Monday, October 03, 2005

COPYRIGHT: In 1998, Appeals judge voids West copyright over citations, law texts

Can a database be copyrighted? Can the numbers in a phone book be
copyrighted? This article addresses those questions.

Legal publisher takes a hit
By John Borland
Staff Writer, CNET
November 4, 1998, 12:40 p.m. PT

A New York federal judge has ruled that legal research giant West
Publishing cannot bar other companies from copying and reprinting the
text of its published court decisions.

The ruling, if upheld by the Supreme Court, could dramatically change
the way legal research is done, giving the public broader access to
inexpensive or free versions of court cases online.

While many cases are now available on the Net, comprehensive access to
the text of U.S. decisions requires a high-priced subscription to
database services maintained by West or competitor Lexis-Nexis.

Tuesday's decision stemmed from a small New York legal publisher's
quest to publish U.S. court decisions on a CD-ROM, and ultimately on
the Internet, in a format useful to lawyers.

West Publishing, which merged with the Stamford, Connecticut-based
Thomson Publishing in 1996, has long produced what is considered the
standard legal reference source for attorneys. The company publishes
compilations of Supreme Court, appeals court, and district court
decisions, along with brief summaries of the legal issues involved in
the cases, called headnotes. The page numbering of the company's
publications has become a standard way for lawyers to cite various
decisions in court.

Enter Hyperlaw and Jeffery Bender, another small legal publisher.
Bender and Hyperlaw president Alan Sugarman wanted to include West's
page-numbering system in their own electronic research tools. Without
this reference system, they said, their electronic reference tools
would be virtually useless to attorneys.

But West demurred, saying its page-numbering system was protected by
copyright, as was the text of the decisions in its compilation books.
Bender sued in 1996, and quickly was joined by Hyperlaw.

"What they're trying to get a copyright on is like trying to get a
copyright on the chapter and verse numbering of the Bible," Sugarman

Hyperlaw also asked that it be able to copy the text of old decisions
and court documents--which otherwise are unavailable--out of West's

A federal district judge ruled in May 1997 that West did not have
copyright protection for its page-numbering system or for the text of
the decisions it prints, even though it makes small changes in the
text before publishing. On Tuesday, a New York appeals judge agreed.

The decision already has won praise from consumer groups who have
sought access to court decisions beyond West's books and the expensive
online services maintained by West and competitor Lexis.

"If Hyperlaw had lost this suit, 75 years of published federal court
opinions would be owned by West Publishing. For every citizen that is
expected to obey the law, this is good news," said James Love,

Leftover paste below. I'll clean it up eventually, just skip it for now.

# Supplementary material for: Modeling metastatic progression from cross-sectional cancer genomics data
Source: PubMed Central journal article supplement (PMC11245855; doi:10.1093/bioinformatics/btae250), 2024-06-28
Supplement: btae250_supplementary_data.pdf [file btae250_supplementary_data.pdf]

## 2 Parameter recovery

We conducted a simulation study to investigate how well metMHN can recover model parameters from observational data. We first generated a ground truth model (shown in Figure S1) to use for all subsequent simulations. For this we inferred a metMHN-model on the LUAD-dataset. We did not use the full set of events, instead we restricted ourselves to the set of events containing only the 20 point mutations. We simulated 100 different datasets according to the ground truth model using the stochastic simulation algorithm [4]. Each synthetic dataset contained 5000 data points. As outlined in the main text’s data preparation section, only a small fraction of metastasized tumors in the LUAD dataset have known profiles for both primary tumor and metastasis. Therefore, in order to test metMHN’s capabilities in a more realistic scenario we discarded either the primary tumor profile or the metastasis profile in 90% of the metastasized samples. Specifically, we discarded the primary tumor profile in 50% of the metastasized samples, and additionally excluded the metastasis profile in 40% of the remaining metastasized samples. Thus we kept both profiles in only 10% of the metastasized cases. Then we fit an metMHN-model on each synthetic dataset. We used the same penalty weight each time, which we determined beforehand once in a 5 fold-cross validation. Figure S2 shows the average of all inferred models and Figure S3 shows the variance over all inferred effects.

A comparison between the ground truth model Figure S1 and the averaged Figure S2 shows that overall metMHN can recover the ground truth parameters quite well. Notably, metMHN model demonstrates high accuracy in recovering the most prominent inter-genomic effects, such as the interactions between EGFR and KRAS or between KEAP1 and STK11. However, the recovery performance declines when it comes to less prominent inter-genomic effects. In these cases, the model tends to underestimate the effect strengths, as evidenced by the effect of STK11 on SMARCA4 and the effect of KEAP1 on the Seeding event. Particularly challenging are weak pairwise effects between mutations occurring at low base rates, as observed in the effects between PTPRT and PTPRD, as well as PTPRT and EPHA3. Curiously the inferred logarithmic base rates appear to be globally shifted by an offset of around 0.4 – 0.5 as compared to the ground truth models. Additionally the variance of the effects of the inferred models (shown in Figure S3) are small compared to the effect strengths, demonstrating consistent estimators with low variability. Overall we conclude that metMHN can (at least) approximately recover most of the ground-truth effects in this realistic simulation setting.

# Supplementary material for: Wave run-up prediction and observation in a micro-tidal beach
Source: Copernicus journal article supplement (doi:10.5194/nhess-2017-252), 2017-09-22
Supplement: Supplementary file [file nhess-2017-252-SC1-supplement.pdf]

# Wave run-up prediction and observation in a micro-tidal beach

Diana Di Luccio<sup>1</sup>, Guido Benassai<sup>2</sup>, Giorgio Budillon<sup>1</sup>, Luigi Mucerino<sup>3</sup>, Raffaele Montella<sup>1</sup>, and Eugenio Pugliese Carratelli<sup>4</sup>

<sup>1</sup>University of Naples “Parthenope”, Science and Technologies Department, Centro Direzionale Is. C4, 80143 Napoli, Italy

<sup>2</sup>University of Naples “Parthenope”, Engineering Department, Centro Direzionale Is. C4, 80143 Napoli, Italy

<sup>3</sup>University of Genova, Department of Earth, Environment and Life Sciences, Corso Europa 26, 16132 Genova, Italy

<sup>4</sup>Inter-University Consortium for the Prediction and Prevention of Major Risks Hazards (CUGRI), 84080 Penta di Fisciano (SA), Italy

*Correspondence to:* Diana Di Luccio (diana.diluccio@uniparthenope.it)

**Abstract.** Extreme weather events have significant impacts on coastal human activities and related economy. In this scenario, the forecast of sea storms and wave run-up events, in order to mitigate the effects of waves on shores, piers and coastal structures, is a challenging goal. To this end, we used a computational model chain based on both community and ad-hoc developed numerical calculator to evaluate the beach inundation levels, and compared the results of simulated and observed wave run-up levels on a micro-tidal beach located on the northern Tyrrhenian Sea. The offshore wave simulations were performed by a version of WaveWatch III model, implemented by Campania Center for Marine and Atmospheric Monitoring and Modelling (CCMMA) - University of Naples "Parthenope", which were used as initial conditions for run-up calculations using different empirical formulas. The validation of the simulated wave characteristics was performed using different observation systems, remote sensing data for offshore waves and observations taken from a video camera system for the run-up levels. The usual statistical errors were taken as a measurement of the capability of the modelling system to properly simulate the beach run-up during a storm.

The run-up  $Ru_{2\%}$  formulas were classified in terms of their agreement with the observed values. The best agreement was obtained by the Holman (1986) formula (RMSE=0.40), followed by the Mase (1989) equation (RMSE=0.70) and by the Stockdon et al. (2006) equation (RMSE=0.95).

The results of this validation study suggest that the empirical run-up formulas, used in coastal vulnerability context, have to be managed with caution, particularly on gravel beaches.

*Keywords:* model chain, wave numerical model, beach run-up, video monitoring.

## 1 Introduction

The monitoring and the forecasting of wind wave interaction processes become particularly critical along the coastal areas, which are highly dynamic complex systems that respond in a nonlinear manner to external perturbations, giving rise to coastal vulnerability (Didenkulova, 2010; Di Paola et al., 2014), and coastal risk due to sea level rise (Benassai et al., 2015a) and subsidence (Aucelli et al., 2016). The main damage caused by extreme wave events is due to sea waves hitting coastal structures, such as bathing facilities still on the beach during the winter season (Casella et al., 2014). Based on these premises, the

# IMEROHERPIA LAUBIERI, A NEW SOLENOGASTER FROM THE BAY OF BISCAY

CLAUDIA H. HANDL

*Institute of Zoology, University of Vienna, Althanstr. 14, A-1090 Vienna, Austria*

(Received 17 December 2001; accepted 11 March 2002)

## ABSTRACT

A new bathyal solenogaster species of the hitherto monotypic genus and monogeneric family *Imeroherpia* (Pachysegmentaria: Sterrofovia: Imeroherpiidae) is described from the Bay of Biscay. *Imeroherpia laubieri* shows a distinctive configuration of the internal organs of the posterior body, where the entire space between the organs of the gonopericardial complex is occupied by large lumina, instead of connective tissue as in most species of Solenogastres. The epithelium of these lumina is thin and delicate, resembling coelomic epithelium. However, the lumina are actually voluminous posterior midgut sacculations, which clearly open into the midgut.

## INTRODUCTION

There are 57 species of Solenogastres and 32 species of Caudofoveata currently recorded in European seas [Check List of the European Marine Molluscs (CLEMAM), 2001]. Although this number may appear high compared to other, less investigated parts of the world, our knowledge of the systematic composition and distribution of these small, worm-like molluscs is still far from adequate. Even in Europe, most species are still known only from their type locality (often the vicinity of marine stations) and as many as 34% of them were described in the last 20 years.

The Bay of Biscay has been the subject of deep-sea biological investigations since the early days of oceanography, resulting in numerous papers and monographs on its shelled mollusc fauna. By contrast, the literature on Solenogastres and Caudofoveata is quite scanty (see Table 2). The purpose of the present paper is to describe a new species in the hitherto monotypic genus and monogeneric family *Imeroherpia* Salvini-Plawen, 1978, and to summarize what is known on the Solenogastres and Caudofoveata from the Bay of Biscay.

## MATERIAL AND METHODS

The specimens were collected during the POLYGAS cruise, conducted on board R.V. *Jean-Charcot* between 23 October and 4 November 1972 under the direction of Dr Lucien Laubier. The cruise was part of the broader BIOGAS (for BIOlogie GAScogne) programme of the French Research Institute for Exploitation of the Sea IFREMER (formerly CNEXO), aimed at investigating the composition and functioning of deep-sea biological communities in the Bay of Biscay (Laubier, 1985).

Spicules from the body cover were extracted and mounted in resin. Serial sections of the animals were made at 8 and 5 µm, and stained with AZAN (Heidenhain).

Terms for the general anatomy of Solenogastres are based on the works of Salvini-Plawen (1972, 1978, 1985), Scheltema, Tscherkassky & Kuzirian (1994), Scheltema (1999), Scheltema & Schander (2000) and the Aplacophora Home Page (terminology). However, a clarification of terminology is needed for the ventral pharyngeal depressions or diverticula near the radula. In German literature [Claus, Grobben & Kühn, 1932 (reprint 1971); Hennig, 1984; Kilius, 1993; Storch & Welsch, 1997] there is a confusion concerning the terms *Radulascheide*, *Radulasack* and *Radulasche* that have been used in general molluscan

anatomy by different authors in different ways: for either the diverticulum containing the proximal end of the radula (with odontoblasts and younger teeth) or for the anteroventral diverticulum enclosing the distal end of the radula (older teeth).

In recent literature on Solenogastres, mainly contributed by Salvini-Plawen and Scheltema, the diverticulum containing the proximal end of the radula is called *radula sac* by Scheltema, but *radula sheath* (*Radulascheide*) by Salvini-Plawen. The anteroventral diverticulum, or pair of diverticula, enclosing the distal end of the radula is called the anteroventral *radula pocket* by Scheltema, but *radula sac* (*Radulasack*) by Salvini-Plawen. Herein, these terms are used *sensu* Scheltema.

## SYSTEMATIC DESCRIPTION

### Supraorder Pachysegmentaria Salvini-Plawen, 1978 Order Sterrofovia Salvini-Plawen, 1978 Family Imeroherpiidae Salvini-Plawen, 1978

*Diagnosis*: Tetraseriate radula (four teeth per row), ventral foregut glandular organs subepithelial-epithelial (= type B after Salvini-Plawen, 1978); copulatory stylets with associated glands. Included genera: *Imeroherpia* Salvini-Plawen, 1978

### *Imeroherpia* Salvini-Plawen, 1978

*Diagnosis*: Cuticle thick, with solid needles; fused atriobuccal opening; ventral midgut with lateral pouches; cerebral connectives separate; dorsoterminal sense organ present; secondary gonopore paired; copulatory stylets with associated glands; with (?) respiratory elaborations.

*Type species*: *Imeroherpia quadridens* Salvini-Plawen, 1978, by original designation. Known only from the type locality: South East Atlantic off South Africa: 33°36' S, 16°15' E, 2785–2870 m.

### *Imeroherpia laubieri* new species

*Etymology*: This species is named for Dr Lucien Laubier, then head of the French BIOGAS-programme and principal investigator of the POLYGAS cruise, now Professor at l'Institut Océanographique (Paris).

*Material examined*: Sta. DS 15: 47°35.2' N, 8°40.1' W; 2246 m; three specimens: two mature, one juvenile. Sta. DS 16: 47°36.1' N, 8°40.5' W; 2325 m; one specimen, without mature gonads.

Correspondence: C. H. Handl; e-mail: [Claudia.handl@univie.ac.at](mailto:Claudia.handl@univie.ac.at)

director of the Consumer Project on Technology, a group affiliated
with Ralph Nader. "It means the law belongs to the people, not a
private monopoly."

A West spokesman said the company was considering an appeal.

Sugarman said Wednesday that he eventually would put Supreme Court and
federal appeals court decisions on the Internet, with the
page-numbering system used by West. That would mark the first time
that decisions available on the Internet could be cited by attorneys
as easily as the copies found in library archives or in commercial
legal databases.

The Hyperlaw president said he would wait until the case had been
decided or rejected by the Supreme Court before using the West
material, however.

West spokesman Patrick Sexton downplayed the decision's effect on the
company. "This has no significant economic impact on us," he said,
noting that West already licenses its page-numbering system to outside
companies as a result of an antitrust consent decree forged during the
Thomson-West merger.

Attorneys likely will stay with West's publications even if
lower-priced competitors spring up online, Sexton said. "Lawyers will
choose to go with who they trust," he added. "We think they're going
to go with what's been tried-and-true for 126 years."

But Sugarman hopes to force more than a competitive restructuring of
the legal research market. Once he and other competitors are able to
copy decisions out of West books and reprint them or post them online,
the incentive for West to maintain its comprehensive archives may

"The government has deferred to West, letting them become in a sense
the official archive of the law," Sugarman said. Once West's profit
incentive for providing this service dwindles, courts may be forced to
keep and post their own archives electronically, he said. "This will
make authoritative opinions available to everyone."

Copyright © 1995-98 CNET, Inc. All rights reserved. Privacy policy.


This article above is copyrighted material, the use of which may not have specifically authorized by the copyright owner. The material is made available in an effort to advance understanding of political, economic, democracy, First Amendment, technology, journalism, community and justice issues, etc. We believe this constitutes a 'fair use' as provided by Section 107 of U.S. Copyright Law. In accordance with Title 17 U.S.C. Chapter 1, Section 107, the material above is distributed without profit to those who have expressed a prior interest in receiving the included information for research and educational purposes. If you wish to use copyrighted material from this blog for purposes beyond fair use, you must obtain permission from the copyright owner.

Comments: Post a Comment

<< Home

This page is powered by Blogger. Isn't yours?